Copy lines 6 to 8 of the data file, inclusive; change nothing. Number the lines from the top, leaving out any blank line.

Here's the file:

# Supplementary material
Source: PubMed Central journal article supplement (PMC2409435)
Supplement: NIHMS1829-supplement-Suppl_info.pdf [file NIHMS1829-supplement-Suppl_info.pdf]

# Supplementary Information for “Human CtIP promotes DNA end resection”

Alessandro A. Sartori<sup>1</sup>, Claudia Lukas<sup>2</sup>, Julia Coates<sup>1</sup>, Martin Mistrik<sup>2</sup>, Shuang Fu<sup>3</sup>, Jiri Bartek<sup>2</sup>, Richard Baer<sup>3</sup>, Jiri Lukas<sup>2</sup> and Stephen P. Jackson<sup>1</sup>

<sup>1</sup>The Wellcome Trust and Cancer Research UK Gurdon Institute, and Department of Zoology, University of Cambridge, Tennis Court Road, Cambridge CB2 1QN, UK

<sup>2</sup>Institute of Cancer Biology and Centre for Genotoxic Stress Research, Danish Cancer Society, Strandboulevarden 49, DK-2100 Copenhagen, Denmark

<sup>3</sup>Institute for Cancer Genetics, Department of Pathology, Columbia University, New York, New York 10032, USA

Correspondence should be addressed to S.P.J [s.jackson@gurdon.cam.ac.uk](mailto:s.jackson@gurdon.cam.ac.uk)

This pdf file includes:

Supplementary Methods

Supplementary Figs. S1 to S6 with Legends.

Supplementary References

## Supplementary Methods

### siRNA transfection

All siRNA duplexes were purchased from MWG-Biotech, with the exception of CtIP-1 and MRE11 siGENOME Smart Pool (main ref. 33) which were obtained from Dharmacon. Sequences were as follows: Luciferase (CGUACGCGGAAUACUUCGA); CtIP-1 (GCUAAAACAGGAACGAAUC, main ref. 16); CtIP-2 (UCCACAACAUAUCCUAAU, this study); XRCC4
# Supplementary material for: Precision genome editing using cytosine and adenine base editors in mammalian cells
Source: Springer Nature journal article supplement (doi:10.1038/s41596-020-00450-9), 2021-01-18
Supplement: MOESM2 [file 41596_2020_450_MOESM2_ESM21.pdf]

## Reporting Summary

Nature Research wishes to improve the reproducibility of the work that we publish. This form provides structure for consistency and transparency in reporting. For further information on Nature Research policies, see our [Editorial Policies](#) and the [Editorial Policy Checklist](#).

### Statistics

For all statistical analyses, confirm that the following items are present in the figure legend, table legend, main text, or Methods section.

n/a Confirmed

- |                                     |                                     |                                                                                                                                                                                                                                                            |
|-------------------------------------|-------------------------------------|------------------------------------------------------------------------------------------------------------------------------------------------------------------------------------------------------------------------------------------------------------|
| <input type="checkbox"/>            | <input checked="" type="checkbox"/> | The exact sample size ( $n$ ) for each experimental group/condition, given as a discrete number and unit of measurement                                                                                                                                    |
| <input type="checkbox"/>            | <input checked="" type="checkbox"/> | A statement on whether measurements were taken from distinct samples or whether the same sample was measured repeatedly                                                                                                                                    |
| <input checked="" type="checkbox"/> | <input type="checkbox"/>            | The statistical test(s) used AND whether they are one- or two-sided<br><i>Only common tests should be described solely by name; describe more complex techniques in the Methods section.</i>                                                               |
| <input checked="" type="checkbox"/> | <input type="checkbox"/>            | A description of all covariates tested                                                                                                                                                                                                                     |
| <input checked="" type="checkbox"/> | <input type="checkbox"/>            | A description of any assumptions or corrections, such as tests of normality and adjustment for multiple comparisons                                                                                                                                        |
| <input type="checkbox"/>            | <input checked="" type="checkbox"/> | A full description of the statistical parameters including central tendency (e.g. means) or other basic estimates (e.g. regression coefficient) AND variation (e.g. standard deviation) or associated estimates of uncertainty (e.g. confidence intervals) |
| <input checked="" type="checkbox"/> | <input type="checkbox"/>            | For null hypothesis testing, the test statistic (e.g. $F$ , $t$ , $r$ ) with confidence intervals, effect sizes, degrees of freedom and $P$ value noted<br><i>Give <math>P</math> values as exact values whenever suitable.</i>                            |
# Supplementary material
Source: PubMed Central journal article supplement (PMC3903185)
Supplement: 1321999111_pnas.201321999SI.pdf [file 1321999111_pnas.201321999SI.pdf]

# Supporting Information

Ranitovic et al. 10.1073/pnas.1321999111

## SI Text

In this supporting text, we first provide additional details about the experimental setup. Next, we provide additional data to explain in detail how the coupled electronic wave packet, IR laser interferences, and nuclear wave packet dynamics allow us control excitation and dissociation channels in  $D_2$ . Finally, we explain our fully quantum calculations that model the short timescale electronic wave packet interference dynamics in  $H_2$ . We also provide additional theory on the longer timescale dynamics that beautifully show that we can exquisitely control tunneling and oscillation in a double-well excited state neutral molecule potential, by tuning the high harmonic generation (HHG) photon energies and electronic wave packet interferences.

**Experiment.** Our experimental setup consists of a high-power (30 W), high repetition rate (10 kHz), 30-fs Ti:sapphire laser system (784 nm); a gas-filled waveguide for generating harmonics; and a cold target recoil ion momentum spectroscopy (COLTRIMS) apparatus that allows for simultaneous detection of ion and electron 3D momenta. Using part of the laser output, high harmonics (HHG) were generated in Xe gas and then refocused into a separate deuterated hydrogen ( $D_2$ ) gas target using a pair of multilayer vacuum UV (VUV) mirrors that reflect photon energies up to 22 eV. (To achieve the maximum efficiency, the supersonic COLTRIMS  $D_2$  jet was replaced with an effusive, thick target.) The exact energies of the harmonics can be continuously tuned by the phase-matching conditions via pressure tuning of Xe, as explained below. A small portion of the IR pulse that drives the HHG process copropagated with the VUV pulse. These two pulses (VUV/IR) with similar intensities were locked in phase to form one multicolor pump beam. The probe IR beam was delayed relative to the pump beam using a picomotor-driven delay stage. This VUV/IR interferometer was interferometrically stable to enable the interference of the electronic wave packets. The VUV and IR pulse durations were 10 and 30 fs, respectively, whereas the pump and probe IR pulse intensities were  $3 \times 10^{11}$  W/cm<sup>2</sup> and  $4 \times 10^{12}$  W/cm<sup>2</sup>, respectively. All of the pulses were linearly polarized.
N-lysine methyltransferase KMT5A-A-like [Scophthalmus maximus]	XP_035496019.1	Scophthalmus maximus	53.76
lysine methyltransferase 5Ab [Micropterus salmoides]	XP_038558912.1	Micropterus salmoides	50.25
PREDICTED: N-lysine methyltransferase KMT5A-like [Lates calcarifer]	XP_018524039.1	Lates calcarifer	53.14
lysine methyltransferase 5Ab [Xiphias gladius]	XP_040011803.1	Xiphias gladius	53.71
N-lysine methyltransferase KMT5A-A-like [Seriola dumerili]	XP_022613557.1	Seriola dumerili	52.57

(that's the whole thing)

<sup>1</sup>The Wellcome Trust and Cancer Research UK Gurdon Institute, and Department of Zoology, University of Cambridge, Tennis Court Road, Cambridge CB2 1QN, UK

<sup>2</sup>Institute of Cancer Biology and Centre for Genotoxic Stress Research, Danish Cancer Society, Strandboulevarden 49, DK-2100 Copenhagen, Denmark

<sup>3</sup>Institute for Cancer Genetics, Department of Pathology, Columbia University, New York, New York 10032, USA